Written by  Annette van der Merwe

Mandinka or Mandingo, is mainly spoken in Mali, Guinea, Senegal, Gambia, Ivory Coast and Guinea-Bissau and to a lesser extent in Sierra Leone and the northern part of Liberia. It is spoken by the Mandinka people and it is one of the major Mande languages which is in turn part of the greater Congo-Niger language family.

It is a tonal language in which higher and lower tones are used to distinguish between words, phrases, and complete utterances that are otherwise identically constructed. But the particular variety of Mandinka spoken in the Gambia and Senegal borders on a pitch accent due to its proximity with non-tonal neighbouring languages like Wolof. Pitch accent languages differ from tonal languages in that pitch accents are only assigned to one syllable in a word, whereas tones can be assigned to multiple syllables in a word.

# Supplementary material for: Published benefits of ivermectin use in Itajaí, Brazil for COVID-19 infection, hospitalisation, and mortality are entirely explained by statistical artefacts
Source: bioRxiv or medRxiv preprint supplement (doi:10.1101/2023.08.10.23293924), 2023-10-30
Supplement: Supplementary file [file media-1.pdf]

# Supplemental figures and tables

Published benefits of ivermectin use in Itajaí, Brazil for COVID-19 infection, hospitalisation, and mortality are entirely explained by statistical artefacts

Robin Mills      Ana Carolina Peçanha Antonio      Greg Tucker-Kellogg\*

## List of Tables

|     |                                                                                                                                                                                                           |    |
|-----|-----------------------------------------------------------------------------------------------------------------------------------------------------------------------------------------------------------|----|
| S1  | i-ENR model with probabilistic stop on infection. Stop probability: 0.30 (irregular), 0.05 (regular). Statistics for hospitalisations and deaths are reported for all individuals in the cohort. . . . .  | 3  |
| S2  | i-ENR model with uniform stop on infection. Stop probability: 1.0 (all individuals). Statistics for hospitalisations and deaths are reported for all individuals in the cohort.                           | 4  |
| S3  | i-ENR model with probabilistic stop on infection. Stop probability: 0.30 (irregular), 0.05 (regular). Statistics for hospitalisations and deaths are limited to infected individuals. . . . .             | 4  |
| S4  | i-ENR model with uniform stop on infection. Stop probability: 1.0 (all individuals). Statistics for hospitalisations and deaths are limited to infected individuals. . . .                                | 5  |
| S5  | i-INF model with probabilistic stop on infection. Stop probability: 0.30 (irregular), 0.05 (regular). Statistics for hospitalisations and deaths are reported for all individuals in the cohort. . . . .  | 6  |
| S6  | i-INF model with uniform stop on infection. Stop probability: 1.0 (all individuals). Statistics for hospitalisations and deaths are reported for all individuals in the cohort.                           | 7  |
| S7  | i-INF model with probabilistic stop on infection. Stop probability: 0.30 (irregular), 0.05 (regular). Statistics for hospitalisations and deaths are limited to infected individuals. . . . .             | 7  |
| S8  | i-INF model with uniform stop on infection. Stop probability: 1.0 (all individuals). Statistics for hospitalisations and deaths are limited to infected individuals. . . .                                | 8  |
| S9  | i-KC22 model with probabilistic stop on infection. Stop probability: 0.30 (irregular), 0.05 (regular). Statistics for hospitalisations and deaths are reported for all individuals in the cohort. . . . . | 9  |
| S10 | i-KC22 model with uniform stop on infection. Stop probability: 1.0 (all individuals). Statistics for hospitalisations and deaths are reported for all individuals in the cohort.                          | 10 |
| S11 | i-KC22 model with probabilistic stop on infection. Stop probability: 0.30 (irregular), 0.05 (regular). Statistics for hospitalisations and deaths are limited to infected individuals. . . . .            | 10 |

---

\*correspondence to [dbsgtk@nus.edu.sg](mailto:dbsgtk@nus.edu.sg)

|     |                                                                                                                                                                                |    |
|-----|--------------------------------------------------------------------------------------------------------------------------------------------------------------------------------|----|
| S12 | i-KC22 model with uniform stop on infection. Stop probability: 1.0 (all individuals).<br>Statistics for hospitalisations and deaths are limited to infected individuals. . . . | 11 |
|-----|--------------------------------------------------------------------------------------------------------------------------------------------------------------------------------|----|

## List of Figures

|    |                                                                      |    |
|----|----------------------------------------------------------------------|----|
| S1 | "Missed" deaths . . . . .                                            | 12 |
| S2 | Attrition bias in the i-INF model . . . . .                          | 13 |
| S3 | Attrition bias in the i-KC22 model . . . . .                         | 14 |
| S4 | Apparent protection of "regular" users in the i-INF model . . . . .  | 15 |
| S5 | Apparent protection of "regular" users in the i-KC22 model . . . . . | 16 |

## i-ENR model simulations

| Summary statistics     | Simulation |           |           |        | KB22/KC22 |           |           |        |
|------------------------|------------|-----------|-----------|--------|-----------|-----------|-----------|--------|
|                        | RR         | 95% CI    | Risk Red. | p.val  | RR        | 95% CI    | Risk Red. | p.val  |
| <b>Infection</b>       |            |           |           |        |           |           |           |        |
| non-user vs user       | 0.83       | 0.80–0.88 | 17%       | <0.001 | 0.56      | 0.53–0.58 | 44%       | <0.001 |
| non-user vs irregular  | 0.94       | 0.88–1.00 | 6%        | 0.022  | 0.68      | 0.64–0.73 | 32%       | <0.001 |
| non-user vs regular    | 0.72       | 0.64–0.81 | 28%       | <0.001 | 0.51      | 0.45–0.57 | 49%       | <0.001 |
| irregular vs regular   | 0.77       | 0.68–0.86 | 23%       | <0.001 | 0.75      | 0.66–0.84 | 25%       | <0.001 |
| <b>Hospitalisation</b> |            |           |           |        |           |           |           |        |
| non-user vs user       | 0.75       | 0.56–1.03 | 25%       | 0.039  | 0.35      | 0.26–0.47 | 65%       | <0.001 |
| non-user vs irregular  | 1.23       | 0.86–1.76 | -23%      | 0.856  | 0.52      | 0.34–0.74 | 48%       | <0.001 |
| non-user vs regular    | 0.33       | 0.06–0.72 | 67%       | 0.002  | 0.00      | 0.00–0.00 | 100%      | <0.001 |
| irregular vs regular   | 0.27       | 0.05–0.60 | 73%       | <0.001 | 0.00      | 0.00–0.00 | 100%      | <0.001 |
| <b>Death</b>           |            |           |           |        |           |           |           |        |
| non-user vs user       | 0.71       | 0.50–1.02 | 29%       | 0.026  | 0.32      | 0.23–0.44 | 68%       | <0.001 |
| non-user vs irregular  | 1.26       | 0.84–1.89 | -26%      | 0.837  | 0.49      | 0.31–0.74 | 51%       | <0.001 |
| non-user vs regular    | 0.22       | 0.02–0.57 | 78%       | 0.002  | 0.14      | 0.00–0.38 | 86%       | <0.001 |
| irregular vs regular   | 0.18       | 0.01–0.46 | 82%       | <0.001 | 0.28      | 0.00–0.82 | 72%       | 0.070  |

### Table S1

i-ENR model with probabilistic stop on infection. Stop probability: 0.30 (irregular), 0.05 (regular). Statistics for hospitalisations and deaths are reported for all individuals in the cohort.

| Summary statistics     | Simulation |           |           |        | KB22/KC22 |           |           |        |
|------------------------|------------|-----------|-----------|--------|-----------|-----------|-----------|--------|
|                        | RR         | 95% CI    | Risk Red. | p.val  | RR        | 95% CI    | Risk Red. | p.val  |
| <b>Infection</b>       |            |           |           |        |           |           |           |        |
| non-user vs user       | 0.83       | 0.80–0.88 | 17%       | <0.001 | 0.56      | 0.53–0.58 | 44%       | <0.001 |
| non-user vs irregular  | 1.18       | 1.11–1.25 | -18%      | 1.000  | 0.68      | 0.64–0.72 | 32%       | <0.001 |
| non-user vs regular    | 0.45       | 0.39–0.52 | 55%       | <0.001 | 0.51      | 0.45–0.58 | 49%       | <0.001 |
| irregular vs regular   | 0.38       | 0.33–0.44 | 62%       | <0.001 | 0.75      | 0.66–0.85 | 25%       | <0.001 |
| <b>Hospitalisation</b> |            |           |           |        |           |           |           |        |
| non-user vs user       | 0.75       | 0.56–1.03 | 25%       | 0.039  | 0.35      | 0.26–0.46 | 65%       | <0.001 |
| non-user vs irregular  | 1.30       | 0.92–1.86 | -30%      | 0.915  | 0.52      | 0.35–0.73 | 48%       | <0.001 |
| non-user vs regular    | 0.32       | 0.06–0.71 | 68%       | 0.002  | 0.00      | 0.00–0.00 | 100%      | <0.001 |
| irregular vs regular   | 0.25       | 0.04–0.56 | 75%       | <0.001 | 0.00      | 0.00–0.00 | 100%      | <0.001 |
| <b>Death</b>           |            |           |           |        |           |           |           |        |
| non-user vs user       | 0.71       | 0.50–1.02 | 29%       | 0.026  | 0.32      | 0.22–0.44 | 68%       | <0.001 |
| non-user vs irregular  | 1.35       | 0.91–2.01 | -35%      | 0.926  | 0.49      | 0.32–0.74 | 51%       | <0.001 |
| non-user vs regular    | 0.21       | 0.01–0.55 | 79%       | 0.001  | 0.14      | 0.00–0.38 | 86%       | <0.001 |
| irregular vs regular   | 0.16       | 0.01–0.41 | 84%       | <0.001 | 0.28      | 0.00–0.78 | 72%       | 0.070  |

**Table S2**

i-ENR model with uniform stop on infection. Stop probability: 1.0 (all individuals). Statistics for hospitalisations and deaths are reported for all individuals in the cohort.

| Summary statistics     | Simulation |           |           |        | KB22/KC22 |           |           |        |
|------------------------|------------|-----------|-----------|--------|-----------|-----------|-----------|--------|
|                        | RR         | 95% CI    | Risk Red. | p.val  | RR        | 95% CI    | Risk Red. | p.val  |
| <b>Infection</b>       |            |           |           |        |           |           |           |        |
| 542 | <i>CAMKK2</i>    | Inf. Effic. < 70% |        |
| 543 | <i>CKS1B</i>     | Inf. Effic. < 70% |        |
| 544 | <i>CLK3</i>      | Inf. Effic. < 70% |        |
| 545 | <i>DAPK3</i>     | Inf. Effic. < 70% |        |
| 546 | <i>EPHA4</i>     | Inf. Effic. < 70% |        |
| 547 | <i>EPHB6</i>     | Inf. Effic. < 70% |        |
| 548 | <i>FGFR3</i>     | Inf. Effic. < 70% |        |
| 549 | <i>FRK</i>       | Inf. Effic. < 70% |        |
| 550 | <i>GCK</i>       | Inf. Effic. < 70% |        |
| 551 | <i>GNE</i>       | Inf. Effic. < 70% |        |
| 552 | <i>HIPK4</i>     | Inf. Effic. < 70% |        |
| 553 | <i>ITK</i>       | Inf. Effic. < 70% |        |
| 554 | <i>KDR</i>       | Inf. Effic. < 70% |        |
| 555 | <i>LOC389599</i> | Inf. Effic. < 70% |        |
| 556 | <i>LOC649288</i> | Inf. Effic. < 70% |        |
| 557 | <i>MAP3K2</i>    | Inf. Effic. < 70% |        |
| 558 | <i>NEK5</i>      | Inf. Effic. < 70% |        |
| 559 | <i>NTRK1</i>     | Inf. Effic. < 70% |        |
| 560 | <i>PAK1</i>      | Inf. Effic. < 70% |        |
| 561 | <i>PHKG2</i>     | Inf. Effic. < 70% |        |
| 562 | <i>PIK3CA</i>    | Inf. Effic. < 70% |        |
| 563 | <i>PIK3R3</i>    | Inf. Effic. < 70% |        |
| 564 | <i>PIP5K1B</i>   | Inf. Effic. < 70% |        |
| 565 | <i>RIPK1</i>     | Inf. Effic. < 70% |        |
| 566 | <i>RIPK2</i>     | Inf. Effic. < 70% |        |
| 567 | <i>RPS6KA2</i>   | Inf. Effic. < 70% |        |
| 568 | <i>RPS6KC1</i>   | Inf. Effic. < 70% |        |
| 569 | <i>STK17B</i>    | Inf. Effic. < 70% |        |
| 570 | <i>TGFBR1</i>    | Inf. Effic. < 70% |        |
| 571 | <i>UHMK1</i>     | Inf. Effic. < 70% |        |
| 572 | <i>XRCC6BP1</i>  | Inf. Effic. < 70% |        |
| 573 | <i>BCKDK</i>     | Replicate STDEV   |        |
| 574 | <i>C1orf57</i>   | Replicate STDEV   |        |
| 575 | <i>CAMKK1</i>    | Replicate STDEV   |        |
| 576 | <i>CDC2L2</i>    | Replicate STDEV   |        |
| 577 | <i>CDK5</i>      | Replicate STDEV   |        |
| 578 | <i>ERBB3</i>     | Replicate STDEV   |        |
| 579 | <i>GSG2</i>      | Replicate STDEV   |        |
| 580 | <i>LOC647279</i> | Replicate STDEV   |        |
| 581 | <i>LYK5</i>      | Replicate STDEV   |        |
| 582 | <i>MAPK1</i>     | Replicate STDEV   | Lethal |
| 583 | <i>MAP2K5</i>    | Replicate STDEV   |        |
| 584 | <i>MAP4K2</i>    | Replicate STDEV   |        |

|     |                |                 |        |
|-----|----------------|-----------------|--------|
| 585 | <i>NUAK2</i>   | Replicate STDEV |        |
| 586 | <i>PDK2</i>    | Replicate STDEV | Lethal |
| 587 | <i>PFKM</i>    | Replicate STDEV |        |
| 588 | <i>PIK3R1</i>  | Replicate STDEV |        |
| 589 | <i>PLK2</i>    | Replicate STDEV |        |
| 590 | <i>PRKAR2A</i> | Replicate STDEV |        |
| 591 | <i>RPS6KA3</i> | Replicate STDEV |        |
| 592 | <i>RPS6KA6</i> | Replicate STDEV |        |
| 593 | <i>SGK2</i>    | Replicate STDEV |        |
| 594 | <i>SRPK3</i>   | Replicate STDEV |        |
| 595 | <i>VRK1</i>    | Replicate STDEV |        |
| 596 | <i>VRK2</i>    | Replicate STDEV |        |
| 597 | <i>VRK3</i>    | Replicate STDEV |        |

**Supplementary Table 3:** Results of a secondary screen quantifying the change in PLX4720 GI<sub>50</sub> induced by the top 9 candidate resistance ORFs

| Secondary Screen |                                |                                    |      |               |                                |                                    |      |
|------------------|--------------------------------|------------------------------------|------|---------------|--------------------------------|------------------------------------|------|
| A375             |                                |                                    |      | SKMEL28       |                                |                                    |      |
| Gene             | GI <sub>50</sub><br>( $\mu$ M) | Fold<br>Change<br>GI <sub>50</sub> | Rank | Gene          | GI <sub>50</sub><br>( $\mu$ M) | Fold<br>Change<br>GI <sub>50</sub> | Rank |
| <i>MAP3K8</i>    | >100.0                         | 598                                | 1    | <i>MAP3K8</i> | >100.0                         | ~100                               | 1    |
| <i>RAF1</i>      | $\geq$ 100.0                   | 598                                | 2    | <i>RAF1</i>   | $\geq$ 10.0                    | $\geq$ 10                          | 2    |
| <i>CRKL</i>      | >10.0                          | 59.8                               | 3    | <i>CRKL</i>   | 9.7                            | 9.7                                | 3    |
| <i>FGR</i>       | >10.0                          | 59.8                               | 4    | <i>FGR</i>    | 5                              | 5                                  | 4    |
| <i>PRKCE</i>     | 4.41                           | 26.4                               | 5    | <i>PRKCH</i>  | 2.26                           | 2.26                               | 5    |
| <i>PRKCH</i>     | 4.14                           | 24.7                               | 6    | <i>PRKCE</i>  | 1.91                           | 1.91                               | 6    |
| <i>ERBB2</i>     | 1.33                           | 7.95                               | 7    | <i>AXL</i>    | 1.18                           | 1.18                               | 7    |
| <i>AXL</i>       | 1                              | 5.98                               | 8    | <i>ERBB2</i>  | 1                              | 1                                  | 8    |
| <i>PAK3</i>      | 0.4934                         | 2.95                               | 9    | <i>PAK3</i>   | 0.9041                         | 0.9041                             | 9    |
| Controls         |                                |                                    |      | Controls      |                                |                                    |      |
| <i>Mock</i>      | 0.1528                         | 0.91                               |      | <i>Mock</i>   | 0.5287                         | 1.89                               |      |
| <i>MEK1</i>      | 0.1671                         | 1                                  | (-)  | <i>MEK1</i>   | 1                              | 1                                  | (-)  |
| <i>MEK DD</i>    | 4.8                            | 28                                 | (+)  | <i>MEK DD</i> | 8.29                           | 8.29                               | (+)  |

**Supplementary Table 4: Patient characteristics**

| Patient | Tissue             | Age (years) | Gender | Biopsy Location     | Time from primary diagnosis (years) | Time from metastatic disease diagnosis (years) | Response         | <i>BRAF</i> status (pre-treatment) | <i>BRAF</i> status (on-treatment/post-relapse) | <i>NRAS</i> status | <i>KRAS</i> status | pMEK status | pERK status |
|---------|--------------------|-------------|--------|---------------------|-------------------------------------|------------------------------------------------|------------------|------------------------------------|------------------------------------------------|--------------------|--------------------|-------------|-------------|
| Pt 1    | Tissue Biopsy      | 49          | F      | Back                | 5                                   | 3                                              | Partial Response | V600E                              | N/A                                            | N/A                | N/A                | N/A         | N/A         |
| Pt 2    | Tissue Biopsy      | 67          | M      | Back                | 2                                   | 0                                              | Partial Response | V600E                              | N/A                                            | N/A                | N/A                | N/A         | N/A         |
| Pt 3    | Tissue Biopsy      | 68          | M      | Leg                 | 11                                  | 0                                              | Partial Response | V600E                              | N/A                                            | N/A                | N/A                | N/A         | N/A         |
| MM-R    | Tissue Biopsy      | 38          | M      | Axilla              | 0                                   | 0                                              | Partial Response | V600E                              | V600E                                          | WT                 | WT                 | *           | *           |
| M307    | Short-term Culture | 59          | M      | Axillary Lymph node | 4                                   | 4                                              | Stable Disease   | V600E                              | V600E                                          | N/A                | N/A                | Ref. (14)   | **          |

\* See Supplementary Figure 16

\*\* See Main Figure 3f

Its varying orthography is the result of geo-political influences. Mandinka uses both the Latin and the Arabic alphabets. The Latin version is used mostly for official purposes. This is probably due to the colonial influence. The Arabic orthography is however more widely used and much older. More over the pan-Manding writing system developed in 1949, is often used in north east Guinea and across the border in the Ivory Coast and Mali. There is also limited use of the Garay alphabet originally developed for Wolof.


Though it has three different writing systems, a Latin system, an Arabic system, and the N’Ko system (also used for other languages in the Mande family), it’s not uncommon for a native Mandinka speaker to not know how to write. The most common writing system is the Arabic-based system, which has been used the longest by the Mandinka people. The N’Ko system is actually very recent, as it was developed in 1949.

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